I'm thrilled I was able to assist!
Reply
:iconvixenskywalker:
VixenSkywalker Featured By Owner Nov 24, 2012  Hobbyist General Artist
Now I'm always making action-and-reaction when I write fight scenes.
Reply
:iconookamikasumi:
OokamiKasumi Featured By Owner Nov 28, 2012  Professional Writer
Excellent! I bet your readers are really enjoying your fight scenes.
Reply
:iconvixenskywalker:
VixenSkywalker Featured By Owner Nov 28, 2012  Hobbyist General Artist
Don't know what they think. The one who usually comments the most hasn't read the latest chapter yet.
Reply
:iconmaemi-sedai:
Maemi-Sedai Featured By Owner Aug 13, 2012  Hobbyist Digital Artist
I find your tips and advice EXTREMELY HELPFUL and wonderfully written!
And yet, after having read through this, only one thing popped up in my head:
"Get it? Got it? Good."
...
A quote from "The Court Jester" perhaps?
x3
Reply
:iconookamikasumi:
OokamiKasumi Featured By Owner Aug 19, 2012  Professional Writer
Yes! Finally someone who spotted where "Get it? Got it. Good!" came from!

"The flagon with the dragon has the pellet with the poison. The vessel with the pestle has the brew that is true. Get it?"

"Got it.

"Good!"
Reply
:iconmaemi-sedai:
Maemi-Sedai Featured By Owner Aug 20, 2012  Hobbyist Digital Artist
Such a wonderful movie! 8'DD I laugh so hard I cry every time I watch it x'DD
"Well, sire, you know the Italian court; what better place to court Italians?"
8'DD
Reply
:iconookamikasumi:
OokamiKasumi Featured By Owner Aug 20, 2012  Professional Writer
It's been years since I'm seen it. Must find it and watch again!
Reply
:iconmaemi-sedai:
Maemi-Sedai Featured By Owner Aug 20, 2012  Hobbyist Digital Artist
I found it on youtube a while back... but it has most likely been been removed by now.
It most definitely is a movie worth rewatching! 83
Reply
:iconmellissandria:
Mellissandria Featured By Owner Aug 11, 2012
Nice...
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:iconookamikasumi:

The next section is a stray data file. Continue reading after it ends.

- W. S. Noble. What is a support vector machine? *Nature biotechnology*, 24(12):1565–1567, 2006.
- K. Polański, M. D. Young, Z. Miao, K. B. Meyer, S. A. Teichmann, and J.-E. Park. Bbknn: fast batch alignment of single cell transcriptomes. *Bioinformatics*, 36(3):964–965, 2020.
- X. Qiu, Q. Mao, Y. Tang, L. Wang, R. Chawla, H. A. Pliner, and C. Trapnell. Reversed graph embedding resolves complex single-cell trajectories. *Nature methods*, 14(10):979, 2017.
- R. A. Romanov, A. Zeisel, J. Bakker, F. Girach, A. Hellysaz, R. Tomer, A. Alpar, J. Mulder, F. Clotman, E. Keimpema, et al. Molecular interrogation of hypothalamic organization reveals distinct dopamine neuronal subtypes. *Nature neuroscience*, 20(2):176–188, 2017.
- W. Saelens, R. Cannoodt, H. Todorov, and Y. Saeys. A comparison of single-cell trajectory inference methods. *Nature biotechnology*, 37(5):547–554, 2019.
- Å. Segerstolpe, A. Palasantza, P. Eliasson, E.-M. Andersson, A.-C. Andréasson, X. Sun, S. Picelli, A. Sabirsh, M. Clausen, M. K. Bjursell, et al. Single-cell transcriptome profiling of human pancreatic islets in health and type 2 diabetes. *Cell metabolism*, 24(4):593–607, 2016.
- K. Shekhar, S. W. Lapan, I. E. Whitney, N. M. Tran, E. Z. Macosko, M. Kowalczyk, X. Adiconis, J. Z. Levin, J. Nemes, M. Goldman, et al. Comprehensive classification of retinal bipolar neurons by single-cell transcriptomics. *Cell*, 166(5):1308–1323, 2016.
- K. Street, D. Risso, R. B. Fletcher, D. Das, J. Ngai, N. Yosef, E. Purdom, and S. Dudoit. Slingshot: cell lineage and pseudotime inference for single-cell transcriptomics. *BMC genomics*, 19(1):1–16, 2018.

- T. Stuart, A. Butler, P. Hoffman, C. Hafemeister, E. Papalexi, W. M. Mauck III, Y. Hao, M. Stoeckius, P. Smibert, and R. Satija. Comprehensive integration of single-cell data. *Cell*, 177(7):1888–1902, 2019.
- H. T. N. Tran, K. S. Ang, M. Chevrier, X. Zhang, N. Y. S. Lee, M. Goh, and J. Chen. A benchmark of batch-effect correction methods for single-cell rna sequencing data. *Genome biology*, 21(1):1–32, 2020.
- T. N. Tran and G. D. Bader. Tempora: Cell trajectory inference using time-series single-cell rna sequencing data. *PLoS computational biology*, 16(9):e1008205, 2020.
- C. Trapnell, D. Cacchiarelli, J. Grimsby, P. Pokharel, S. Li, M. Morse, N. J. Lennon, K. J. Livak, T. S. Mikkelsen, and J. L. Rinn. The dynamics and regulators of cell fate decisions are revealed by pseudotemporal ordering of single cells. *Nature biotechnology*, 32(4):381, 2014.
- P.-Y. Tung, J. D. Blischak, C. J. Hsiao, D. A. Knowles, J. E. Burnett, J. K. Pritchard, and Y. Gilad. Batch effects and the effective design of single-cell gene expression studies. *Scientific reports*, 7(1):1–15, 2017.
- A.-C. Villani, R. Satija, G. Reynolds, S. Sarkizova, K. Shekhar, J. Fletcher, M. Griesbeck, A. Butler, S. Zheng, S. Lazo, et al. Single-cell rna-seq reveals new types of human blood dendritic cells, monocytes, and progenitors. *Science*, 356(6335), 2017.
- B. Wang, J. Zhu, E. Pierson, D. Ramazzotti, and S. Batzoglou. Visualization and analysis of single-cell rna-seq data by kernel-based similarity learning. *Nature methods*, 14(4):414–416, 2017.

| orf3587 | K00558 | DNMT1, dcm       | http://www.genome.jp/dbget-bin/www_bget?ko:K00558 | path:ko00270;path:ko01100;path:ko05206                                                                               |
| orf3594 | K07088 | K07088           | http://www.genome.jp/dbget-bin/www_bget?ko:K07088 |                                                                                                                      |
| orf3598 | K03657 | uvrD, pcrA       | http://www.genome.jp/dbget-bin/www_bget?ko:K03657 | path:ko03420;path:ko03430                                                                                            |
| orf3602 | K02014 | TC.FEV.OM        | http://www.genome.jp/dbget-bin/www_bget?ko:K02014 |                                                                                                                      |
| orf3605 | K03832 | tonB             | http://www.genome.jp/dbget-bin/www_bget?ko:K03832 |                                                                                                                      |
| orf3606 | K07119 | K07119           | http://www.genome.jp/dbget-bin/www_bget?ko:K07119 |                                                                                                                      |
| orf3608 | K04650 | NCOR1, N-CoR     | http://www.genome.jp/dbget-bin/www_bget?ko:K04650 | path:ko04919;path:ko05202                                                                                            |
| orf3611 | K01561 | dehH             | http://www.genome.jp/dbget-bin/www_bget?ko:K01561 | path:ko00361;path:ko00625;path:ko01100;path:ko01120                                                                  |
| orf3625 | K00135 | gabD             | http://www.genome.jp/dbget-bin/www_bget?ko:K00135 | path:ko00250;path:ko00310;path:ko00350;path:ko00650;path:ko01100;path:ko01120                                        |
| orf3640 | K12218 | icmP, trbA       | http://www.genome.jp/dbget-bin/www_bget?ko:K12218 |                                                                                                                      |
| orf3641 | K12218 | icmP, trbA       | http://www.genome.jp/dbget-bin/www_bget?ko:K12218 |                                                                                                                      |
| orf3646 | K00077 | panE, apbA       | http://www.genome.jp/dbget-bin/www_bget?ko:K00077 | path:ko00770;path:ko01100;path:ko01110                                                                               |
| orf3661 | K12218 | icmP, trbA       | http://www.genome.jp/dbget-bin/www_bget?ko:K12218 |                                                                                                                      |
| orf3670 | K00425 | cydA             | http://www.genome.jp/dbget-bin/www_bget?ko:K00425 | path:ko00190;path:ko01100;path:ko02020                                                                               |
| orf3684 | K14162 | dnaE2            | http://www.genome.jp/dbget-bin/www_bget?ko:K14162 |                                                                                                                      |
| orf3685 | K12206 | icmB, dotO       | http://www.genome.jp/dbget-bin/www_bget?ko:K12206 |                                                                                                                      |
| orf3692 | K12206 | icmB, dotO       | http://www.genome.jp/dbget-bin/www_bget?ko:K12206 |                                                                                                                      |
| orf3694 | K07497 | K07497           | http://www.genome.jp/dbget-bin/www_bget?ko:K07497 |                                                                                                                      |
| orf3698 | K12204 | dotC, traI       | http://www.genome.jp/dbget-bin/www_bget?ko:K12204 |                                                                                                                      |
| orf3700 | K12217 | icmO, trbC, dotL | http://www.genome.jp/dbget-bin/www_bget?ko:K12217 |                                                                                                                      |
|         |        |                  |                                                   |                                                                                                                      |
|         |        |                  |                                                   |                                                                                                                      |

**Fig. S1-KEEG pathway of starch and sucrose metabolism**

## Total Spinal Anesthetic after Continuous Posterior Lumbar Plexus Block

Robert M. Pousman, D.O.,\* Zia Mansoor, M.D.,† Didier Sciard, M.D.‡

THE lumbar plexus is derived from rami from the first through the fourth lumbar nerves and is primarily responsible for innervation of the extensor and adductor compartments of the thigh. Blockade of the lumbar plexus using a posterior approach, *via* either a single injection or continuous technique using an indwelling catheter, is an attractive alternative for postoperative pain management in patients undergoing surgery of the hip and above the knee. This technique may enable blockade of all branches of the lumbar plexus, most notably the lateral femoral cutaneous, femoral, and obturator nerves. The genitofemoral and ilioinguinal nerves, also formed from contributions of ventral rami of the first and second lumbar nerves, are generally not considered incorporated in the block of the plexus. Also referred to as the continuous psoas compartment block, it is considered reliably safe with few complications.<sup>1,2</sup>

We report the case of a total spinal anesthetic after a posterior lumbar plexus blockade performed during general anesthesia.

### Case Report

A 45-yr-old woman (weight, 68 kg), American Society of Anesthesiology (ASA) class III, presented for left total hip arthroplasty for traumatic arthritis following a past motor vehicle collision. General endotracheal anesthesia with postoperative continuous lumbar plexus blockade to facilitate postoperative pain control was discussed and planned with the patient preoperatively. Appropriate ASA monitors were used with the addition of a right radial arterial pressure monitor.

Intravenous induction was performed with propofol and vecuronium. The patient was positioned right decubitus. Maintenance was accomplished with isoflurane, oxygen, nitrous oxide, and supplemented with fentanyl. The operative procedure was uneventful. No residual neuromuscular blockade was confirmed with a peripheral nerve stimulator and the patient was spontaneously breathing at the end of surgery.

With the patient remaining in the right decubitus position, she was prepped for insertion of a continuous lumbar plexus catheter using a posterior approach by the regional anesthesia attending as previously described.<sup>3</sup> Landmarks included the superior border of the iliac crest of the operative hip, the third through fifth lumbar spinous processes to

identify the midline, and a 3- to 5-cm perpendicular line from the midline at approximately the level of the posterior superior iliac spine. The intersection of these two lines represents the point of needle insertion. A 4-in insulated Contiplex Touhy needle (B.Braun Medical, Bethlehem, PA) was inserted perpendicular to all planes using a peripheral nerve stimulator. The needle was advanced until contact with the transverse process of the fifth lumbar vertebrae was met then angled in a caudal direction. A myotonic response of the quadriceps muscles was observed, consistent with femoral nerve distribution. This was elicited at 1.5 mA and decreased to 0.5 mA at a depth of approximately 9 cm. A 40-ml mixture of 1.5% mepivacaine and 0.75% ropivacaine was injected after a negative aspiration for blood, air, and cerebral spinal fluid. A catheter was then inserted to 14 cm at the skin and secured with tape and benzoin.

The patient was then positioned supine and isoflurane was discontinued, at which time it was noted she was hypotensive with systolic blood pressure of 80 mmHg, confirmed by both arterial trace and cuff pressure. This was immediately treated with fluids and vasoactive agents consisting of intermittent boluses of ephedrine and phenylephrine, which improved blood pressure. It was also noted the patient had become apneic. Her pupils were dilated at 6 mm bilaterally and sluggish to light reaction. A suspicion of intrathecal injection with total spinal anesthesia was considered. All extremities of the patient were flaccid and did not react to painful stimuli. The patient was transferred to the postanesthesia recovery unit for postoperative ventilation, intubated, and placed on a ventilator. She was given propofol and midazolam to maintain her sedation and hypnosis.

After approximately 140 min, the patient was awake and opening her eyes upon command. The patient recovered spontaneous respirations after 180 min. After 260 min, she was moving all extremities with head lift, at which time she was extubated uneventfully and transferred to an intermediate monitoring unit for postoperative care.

OokamiKasumi Featured By Owner Aug 19, 2012  Professional Writer
Thank you. ;)
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:iconyukikoshijima:
YukikoShijima Featured By Owner Jun 22, 2012  Professional General Artist
So "He frowned as he noticed the sequence change from what he remembered." Is a bad sentence and "As (name) flew us away in the chopper, I saw the army (and yes I mean army) of goons down below." is okay because "as" is in the begining?

I'm not sure I understand how the first sentence is out of sequence. If you could expound, I would be grateful.
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:iconookamikasumi:
OokamiKasumi Featured By Owner Jun 24, 2012  Professional Writer
Yes, that first line is wrong because the events in it were written Backwards to how they happened.

Original
~~~~~~~~~~~
He frowned as he noticed the sequence change from what he remembered.

Think: Which actually happened first?
~~~~~~~~~~~~~~
He frowned.
or?
He noticed the sequence change from what he remembered.

Adjusted
~~~~~~~~~~~
He noticed that the sequence had change from what he remembered and frowned.

Yes, this is correct because it's written in the actual order of events.
~~~~~~~~~~~~~~~~~~~
As Harold flew us away in the chopper, I saw the army of goons down below.

The word "as" has a way of encouraging you to write your sentence Backwards. With "as" at the beginning, this is less likely to happen.
Reply
:iconfactitioustruth:
FactitiousTruth Featured By Owner Jan 9, 2013  Hobbyist General Artist
"He frowned as he noticed the sequence change from what he remembered."

But if it was not in an action scene, wouldn't it be alright to use such a sentence? In movies you often see the characters expression, wonder what's going on and then are shown what they see. I think in a scene that's not supposed to be full of action such an expression would not be bad...what do you think?
Reply
:iconookamikasumi:
OokamiKasumi Featured By Owner Feb 18, 2013  Professional Writer
NO. Movies are not the written word.

This is how you write that:
~~~~~~~~~~~~~~~~~
He noticed that the sequence had changed from what he remembered, and frowned.
Reply
:iconfactitioustruth:
FactitiousTruth Featured By Owner Feb 18, 2013  Hobbyist General Artist
Mh...okay, thanks! :)
Reply
:iconookamikasumi:
OokamiKasumi Featured By Owner Feb 18, 2013  Professional Writer